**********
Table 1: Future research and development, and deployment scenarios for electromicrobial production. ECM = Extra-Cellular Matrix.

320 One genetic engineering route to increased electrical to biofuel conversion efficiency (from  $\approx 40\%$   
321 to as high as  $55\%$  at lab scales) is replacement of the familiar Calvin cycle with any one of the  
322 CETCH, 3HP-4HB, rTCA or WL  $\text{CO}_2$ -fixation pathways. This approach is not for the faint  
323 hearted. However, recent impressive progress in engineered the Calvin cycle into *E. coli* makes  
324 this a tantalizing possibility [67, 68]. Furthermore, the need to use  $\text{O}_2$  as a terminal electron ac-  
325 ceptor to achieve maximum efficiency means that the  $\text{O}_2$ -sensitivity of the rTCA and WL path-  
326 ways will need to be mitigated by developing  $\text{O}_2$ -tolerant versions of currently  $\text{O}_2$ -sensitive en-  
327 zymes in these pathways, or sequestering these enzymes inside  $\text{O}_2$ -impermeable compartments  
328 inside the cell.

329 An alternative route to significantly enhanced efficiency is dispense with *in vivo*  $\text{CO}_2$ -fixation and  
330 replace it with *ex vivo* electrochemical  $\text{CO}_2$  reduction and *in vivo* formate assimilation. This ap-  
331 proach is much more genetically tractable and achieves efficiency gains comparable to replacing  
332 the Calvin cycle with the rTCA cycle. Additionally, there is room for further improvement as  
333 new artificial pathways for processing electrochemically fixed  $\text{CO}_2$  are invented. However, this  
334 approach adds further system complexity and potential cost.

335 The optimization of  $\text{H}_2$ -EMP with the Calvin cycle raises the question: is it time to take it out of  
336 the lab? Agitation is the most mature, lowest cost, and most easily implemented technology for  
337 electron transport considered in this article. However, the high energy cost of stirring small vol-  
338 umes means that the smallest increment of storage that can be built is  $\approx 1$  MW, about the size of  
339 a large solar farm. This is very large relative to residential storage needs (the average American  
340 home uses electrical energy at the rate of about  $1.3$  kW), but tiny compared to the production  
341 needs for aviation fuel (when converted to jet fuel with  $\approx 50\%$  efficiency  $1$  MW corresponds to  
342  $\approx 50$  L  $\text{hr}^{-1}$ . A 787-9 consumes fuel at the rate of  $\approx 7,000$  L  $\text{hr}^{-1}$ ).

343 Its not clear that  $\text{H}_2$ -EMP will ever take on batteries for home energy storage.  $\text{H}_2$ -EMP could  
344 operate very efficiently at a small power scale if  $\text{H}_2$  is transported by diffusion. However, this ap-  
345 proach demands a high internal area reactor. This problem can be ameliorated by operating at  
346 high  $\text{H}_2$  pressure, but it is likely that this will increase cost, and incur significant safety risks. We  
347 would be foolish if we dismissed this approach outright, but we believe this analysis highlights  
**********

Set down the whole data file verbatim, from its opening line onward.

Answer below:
Table 1: Future research and development, and deployment scenarios for electromicrobial production. ECM = Extra-Cellular Matrix.

320 One genetic engineering route to increased electrical to biofuel conversion efficiency (from  $\approx 40\%$   
321 to as high as  $55\%$  at lab scales) is replacement of the familiar Calvin cycle with any one of the  
322 CETCH, 3HP-4HB, rTCA or WL  $\text{CO}_2$ -fixation pathways. This approach is not for the faint  
323 hearted. However, recent impressive progress in engineered the Calvin cycle into *E. coli* makes  
324 this a tantalizing possibility [67, 68]. Furthermore, the need to use  $\text{O}_2$  as a terminal electron ac-  
325 ceptor to achieve maximum efficiency means that the  $\text{O}_2$ -sensitivity of the rTCA and WL path-  
326 ways will need to be mitigated by developing  $\text{O}_2$ -tolerant versions of currently  $\text{O}_2$ -sensitive en-  
327 zymes in these pathways, or sequestering these enzymes inside  $\text{O}_2$ -impermeable compartments  
328 inside the cell.

329 An alternative route to significantly enhanced efficiency is dispense with *in vivo*  $\text{CO}_2$ -fixation and  
330 replace it with *ex vivo* electrochemical  $\text{CO}_2$  reduction and *in vivo* formate assimilation. This ap-  
331 proach is much more genetically tractable and achieves efficiency gains comparable to replacing  
332 the Calvin cycle with the rTCA cycle. Additionally, there is room for further improvement as  
333 new artificial pathways for processing electrochemically fixed  $\text{CO}_2$  are invented. However, this  
334 approach adds further system complexity and potential cost.

335 The optimization of  $\text{H}_2$ -EMP with the Calvin cycle raises the question: is it time to take it out of  
336 the lab? Agitation is the most mature, lowest cost, and most easily implemented technology for  
337 electron transport considered in this article. However, the high energy cost of stirring small vol-  
338 umes means that the smallest increment of storage that can be built is  $\approx 1$  MW, about the size of  
339 a large solar farm. This is very large relative to residential storage needs (the average American  
340 home uses electrical energy at the rate of about  $1.3$  kW), but tiny compared to the production  
341 needs for aviation fuel (when converted to jet fuel with  $\approx 50\%$  efficiency  $1$  MW corresponds to  
342  $\approx 50$  L  $\text{hr}^{-1}$ . A 787-9 consumes fuel at the rate of  $\approx 7,000$  L  $\text{hr}^{-1}$ ).

343 Its not clear that  $\text{H}_2$ -EMP will ever take on batteries for home energy storage.  $\text{H}_2$ -EMP could  
344 operate very efficiently at a small power scale if  $\text{H}_2$  is transported by diffusion. However, this ap-  
345 proach demands a high internal area reactor. This problem can be ameliorated by operating at  
346 high  $\text{H}_2$  pressure, but it is likely that this will increase cost, and incur significant safety risks. We  
347 would be foolish if we dismissed this approach outright, but we believe this analysis highlights  